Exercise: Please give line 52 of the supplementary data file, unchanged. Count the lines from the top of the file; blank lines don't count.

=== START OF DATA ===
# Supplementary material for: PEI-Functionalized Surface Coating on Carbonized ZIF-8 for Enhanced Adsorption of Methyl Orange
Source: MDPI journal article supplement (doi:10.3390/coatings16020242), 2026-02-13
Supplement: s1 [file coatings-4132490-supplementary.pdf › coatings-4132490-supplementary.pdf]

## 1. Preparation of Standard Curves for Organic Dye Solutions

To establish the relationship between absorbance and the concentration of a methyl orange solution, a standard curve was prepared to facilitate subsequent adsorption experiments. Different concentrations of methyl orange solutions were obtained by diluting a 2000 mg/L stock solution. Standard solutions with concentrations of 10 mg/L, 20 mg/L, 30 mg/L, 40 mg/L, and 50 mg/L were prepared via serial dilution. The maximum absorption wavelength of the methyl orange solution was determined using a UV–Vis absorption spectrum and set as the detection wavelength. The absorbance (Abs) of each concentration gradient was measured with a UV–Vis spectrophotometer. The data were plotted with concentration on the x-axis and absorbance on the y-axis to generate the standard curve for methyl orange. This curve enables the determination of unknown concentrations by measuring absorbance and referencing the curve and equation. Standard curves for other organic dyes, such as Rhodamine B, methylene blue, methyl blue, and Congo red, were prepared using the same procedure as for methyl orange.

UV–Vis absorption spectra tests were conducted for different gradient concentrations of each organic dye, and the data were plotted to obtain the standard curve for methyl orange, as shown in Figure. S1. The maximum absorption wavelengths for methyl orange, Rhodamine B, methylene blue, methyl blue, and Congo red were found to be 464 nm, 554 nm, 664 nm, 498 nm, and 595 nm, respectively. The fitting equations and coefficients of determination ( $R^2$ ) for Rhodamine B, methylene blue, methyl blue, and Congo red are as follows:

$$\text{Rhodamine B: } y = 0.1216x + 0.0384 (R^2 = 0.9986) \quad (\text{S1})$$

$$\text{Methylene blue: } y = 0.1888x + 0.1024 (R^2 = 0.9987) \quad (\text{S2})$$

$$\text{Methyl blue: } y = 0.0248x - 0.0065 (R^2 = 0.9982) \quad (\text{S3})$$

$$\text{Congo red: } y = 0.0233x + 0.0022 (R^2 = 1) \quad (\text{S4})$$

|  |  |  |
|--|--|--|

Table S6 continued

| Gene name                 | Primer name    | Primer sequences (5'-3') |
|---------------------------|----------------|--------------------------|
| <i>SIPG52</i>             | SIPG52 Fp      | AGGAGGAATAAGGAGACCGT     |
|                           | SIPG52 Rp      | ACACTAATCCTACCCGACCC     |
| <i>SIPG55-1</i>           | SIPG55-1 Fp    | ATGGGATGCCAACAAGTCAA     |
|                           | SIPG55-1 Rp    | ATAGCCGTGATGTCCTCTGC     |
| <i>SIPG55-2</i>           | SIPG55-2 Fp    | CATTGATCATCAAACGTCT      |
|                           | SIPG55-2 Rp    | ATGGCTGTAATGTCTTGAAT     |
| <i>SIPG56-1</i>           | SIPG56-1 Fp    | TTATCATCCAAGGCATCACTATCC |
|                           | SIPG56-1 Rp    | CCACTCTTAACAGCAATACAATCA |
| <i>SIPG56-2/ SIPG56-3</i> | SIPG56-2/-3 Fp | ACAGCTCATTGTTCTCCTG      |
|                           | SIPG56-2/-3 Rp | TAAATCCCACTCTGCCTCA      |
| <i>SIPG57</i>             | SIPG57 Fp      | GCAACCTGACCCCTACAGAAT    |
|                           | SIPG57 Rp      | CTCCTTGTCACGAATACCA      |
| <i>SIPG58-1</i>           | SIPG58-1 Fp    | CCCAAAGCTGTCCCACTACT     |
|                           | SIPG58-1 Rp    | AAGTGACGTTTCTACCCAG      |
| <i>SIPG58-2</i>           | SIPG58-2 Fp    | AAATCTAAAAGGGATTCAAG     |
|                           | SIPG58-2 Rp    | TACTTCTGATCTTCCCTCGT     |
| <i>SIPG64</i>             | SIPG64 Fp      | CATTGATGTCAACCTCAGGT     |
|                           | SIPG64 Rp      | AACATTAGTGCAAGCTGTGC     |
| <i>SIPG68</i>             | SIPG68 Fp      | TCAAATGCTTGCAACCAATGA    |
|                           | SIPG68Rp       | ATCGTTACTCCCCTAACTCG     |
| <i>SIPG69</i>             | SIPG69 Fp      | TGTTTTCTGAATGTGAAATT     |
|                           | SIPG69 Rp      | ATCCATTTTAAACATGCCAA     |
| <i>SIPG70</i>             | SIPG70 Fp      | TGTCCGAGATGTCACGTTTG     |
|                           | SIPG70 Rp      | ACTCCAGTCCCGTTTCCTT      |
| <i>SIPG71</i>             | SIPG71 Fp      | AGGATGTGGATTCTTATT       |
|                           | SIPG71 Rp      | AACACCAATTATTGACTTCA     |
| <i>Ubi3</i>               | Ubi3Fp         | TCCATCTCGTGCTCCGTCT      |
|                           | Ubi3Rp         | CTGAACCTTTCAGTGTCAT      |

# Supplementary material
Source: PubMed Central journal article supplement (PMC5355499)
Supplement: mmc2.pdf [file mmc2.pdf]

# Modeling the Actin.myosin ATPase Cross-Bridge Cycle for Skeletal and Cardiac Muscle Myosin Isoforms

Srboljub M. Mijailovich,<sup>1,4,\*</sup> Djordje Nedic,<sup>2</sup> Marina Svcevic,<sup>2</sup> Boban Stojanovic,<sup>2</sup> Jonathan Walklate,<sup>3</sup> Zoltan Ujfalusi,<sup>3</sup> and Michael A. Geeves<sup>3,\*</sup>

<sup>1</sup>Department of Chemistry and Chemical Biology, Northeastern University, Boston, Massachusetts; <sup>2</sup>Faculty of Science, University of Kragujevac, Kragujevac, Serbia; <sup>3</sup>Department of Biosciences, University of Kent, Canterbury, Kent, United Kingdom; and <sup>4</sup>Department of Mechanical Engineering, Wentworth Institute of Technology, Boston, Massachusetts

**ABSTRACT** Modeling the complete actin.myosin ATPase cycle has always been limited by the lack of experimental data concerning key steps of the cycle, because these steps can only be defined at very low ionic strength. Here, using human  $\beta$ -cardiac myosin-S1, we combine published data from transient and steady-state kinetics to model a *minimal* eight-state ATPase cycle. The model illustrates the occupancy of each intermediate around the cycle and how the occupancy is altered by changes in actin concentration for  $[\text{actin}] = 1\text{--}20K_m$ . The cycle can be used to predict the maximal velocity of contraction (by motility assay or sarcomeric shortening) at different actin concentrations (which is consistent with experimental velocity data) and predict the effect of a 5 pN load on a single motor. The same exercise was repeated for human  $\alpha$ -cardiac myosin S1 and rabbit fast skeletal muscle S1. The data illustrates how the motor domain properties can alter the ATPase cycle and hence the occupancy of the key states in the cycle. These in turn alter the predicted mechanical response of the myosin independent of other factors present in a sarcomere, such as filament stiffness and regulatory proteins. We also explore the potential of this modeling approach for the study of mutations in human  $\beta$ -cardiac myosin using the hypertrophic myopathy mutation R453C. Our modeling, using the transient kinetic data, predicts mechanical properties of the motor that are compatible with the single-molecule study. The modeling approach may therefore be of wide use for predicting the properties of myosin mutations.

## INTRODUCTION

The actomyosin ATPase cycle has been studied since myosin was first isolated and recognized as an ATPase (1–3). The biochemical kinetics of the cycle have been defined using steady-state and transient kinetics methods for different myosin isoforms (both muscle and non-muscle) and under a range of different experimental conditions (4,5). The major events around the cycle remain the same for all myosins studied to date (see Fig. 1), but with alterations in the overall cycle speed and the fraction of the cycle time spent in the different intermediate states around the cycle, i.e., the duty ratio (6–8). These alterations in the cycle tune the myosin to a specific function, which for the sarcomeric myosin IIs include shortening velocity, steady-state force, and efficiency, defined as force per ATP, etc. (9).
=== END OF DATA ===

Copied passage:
The actomyosin ATPase cycle has been studied since myosin was first isolated and recognized as an ATPase (1–3). The biochemical kinetics of the cycle have been defined using steady-state and transient kinetics methods for different myosin isoforms (both muscle and non-muscle) and under a range of different experimental conditions (4,5). The major events around the cycle remain the same for all myosins studied to date (see Fig. 1), but with alterations in the overall cycle speed and the fraction of the cycle time spent in the different intermediate states around the cycle, i.e., the duty ratio (6–8). These alterations in the cycle tune the myosin to a specific function, which for the sarcomeric myosin IIs include shortening velocity, steady-state force, and efficiency, defined as force per ATP, etc. (9).